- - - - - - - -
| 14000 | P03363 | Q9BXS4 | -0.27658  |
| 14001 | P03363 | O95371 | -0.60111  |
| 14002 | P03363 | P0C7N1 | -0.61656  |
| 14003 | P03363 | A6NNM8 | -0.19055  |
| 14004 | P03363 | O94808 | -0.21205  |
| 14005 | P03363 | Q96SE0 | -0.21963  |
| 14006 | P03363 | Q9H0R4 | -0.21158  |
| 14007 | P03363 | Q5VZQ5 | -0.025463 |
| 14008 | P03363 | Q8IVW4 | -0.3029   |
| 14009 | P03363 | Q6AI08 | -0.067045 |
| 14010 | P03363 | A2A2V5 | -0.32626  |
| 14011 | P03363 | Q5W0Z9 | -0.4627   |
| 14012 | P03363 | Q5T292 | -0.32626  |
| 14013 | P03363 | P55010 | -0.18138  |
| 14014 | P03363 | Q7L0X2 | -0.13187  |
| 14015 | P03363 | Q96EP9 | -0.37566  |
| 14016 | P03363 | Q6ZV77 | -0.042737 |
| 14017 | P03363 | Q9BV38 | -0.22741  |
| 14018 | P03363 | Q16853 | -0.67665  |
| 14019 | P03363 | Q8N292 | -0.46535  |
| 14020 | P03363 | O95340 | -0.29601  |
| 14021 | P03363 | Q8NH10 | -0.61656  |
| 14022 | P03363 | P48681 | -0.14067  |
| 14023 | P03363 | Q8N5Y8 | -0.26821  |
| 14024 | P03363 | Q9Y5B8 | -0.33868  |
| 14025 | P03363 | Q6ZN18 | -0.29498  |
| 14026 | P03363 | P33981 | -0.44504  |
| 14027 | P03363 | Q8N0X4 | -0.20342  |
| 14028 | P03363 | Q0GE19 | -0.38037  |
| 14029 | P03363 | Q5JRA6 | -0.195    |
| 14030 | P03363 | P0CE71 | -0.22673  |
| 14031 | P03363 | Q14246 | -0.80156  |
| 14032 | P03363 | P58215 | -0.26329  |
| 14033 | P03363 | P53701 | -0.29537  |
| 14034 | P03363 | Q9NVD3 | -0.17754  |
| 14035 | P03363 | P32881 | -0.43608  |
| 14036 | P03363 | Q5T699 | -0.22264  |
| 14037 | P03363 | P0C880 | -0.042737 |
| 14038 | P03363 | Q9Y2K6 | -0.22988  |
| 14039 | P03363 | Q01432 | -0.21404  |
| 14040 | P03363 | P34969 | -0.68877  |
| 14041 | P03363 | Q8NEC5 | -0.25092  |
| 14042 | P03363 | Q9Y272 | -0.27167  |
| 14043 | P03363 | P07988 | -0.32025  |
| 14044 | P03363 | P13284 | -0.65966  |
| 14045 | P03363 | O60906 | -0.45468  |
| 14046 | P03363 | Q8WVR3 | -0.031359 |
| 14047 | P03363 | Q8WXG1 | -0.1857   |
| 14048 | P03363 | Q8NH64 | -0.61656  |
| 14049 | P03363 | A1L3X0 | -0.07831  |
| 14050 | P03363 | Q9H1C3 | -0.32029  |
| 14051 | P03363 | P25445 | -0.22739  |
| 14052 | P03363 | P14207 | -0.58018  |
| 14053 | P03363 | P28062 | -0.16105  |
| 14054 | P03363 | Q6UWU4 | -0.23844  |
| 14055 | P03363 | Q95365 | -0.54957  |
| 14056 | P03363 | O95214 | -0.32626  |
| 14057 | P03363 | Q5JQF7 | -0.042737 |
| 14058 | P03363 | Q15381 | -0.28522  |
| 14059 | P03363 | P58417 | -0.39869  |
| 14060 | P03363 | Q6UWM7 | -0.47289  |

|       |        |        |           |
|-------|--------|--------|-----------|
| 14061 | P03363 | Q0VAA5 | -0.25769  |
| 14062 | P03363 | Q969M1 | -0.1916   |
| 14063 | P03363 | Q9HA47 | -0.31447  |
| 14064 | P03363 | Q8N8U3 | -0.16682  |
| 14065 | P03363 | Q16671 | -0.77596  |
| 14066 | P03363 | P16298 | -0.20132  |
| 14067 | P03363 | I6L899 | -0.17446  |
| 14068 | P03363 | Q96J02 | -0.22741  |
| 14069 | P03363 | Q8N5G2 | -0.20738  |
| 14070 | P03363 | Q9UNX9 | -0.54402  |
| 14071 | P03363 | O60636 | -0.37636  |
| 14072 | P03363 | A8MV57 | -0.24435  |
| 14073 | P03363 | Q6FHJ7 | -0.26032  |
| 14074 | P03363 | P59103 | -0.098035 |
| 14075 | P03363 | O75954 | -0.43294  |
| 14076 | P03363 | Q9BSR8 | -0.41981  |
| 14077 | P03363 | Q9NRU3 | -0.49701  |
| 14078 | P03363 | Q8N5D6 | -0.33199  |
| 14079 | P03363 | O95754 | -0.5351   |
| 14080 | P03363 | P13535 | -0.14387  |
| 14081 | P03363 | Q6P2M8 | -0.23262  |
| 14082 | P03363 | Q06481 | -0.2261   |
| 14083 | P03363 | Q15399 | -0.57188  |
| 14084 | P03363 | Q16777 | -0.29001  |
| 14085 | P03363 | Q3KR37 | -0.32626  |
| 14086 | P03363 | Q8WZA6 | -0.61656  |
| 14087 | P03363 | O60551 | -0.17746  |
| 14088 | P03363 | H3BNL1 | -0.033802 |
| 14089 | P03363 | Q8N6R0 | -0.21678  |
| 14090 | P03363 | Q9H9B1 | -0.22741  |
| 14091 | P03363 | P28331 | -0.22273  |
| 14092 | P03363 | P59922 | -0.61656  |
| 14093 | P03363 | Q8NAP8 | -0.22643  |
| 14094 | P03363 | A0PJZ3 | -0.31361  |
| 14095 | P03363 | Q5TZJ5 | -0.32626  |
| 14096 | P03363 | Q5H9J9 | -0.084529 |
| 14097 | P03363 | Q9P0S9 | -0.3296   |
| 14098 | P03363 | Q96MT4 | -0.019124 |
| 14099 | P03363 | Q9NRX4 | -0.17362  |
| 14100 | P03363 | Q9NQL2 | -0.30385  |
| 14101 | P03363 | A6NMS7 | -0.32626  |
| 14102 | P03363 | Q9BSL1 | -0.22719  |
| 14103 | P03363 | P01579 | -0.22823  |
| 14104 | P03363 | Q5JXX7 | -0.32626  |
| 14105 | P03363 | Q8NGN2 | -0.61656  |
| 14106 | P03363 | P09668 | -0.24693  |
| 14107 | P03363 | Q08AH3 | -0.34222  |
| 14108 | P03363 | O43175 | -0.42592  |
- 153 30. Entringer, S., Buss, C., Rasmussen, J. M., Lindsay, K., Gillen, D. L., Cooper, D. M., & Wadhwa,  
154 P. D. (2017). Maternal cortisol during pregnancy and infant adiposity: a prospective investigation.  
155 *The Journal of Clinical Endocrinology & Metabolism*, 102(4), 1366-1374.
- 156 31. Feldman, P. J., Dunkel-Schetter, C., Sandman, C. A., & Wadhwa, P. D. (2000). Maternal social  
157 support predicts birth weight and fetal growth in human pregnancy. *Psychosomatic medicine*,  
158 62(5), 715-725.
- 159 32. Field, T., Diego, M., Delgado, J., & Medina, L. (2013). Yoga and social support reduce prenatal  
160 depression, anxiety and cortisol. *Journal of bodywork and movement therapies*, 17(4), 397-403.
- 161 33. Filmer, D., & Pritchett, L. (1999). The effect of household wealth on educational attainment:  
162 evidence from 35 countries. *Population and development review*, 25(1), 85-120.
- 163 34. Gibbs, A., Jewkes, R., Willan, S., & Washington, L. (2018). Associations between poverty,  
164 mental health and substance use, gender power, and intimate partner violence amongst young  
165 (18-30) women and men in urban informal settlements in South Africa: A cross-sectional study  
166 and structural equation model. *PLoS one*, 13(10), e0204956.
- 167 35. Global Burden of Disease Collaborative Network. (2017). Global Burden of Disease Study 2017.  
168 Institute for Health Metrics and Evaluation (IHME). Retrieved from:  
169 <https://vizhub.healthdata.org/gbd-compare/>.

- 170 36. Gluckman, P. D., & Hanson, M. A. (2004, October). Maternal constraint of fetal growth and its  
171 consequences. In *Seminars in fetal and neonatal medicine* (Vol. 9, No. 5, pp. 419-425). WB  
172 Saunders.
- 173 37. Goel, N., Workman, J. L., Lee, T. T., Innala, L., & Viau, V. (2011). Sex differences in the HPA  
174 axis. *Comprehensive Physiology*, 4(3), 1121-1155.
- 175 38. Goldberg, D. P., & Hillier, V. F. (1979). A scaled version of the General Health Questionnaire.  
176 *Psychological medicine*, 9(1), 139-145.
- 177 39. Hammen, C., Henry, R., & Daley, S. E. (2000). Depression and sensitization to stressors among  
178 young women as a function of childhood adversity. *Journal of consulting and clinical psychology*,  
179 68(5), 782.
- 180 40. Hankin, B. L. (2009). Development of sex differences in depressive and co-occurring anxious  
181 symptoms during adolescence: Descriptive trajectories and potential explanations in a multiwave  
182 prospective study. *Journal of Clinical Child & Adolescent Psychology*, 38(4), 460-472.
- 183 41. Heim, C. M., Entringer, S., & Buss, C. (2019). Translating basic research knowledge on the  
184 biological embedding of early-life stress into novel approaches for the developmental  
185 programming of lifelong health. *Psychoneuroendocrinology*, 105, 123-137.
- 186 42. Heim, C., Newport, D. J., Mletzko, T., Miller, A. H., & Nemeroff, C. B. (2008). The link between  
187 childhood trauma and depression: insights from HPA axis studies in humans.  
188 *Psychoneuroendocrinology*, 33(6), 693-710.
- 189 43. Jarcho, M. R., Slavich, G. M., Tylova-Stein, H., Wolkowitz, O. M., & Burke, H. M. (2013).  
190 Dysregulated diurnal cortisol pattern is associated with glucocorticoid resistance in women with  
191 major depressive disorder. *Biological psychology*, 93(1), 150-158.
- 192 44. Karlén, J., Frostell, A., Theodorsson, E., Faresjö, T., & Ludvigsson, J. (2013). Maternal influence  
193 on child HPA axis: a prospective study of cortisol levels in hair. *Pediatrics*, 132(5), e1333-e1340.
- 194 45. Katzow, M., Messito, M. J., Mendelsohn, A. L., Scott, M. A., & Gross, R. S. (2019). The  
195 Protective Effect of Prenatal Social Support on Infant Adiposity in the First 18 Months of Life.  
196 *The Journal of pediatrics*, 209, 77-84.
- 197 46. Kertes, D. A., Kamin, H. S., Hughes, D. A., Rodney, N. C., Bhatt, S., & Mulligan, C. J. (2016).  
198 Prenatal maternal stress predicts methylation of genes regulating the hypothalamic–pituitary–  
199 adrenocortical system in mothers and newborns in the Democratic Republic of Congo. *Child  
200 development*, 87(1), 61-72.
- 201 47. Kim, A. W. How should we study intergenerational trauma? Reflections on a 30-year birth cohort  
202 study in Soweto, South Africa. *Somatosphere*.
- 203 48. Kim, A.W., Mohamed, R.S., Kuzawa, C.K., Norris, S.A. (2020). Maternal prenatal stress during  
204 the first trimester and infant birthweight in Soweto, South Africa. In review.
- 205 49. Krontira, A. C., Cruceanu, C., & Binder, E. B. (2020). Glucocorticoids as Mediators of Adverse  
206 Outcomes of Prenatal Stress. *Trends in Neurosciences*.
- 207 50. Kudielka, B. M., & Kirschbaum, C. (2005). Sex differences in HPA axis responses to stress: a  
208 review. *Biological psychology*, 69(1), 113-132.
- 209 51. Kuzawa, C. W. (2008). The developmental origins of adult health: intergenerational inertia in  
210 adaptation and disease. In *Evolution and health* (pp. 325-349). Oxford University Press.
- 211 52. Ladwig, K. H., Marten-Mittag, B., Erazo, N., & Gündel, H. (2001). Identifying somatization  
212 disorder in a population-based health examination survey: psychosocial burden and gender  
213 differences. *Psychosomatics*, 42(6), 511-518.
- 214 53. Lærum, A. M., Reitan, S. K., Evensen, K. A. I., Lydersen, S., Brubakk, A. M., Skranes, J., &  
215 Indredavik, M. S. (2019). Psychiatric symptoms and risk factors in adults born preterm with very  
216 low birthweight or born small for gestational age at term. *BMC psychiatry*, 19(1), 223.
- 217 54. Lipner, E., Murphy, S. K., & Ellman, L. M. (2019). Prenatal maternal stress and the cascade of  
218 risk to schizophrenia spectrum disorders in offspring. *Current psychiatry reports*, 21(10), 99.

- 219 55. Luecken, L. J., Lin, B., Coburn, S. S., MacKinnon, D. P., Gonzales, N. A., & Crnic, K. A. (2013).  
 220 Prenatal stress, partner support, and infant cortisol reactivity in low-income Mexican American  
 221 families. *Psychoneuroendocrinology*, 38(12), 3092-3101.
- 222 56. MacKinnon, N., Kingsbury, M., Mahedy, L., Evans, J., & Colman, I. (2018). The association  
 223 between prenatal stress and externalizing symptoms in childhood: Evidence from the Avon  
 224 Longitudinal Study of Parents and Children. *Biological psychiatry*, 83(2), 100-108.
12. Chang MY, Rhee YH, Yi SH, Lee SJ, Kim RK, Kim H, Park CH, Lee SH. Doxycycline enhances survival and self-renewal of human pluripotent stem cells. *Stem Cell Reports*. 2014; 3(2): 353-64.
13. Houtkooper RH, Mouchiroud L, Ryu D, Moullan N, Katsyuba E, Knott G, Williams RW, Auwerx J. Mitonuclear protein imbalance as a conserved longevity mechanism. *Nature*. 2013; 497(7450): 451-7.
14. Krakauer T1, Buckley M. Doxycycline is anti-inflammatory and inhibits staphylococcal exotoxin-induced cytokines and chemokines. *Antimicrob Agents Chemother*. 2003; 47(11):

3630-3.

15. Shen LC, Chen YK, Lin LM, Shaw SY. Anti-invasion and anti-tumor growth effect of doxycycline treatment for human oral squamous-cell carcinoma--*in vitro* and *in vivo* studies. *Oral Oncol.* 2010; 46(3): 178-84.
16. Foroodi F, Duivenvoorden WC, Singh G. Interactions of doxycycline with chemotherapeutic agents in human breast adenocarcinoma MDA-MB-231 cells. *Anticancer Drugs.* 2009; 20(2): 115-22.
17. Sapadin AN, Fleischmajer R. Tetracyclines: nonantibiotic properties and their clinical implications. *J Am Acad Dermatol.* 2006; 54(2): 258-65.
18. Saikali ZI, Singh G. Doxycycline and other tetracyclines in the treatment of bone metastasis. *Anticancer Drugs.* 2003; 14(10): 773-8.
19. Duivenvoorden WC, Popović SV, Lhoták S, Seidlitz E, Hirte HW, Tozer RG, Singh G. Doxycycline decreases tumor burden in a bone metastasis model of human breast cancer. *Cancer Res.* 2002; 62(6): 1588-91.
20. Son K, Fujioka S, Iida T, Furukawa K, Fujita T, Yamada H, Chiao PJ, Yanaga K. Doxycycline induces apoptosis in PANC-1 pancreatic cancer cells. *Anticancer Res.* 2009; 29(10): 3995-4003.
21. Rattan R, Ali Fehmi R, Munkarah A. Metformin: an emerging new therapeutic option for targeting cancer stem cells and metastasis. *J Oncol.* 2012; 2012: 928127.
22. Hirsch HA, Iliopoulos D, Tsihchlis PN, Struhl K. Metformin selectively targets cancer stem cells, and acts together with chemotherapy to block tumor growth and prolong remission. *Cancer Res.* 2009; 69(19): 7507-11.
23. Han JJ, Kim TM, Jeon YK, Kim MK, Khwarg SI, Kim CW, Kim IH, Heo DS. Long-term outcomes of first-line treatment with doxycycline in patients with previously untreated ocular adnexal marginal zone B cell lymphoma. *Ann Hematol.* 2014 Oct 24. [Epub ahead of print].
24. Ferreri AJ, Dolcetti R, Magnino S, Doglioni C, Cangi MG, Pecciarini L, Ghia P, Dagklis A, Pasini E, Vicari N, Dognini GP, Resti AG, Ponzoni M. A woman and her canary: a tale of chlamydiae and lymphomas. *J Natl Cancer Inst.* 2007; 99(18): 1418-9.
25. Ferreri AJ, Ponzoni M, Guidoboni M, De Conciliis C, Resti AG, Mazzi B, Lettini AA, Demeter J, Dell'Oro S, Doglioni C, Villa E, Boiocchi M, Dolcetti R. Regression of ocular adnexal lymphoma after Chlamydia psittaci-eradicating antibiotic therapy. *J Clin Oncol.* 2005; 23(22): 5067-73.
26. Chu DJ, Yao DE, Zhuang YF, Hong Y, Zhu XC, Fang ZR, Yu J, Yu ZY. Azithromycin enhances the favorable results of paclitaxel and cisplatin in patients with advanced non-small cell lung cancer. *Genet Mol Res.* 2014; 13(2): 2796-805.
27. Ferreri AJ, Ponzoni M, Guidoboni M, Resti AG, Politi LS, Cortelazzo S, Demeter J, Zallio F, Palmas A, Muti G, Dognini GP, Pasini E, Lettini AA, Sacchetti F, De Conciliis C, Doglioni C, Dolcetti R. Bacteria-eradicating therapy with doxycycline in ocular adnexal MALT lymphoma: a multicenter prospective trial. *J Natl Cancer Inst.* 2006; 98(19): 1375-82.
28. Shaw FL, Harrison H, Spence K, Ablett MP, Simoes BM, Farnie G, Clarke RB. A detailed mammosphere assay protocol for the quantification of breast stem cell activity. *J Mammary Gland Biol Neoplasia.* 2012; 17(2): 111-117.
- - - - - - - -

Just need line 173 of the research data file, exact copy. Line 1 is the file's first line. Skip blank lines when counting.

- 214 53. Lærum, A. M., Reitan, S. K., Evensen, K. A. I., Lydersen, S., Brubakk, A. M., Skranes, J., &  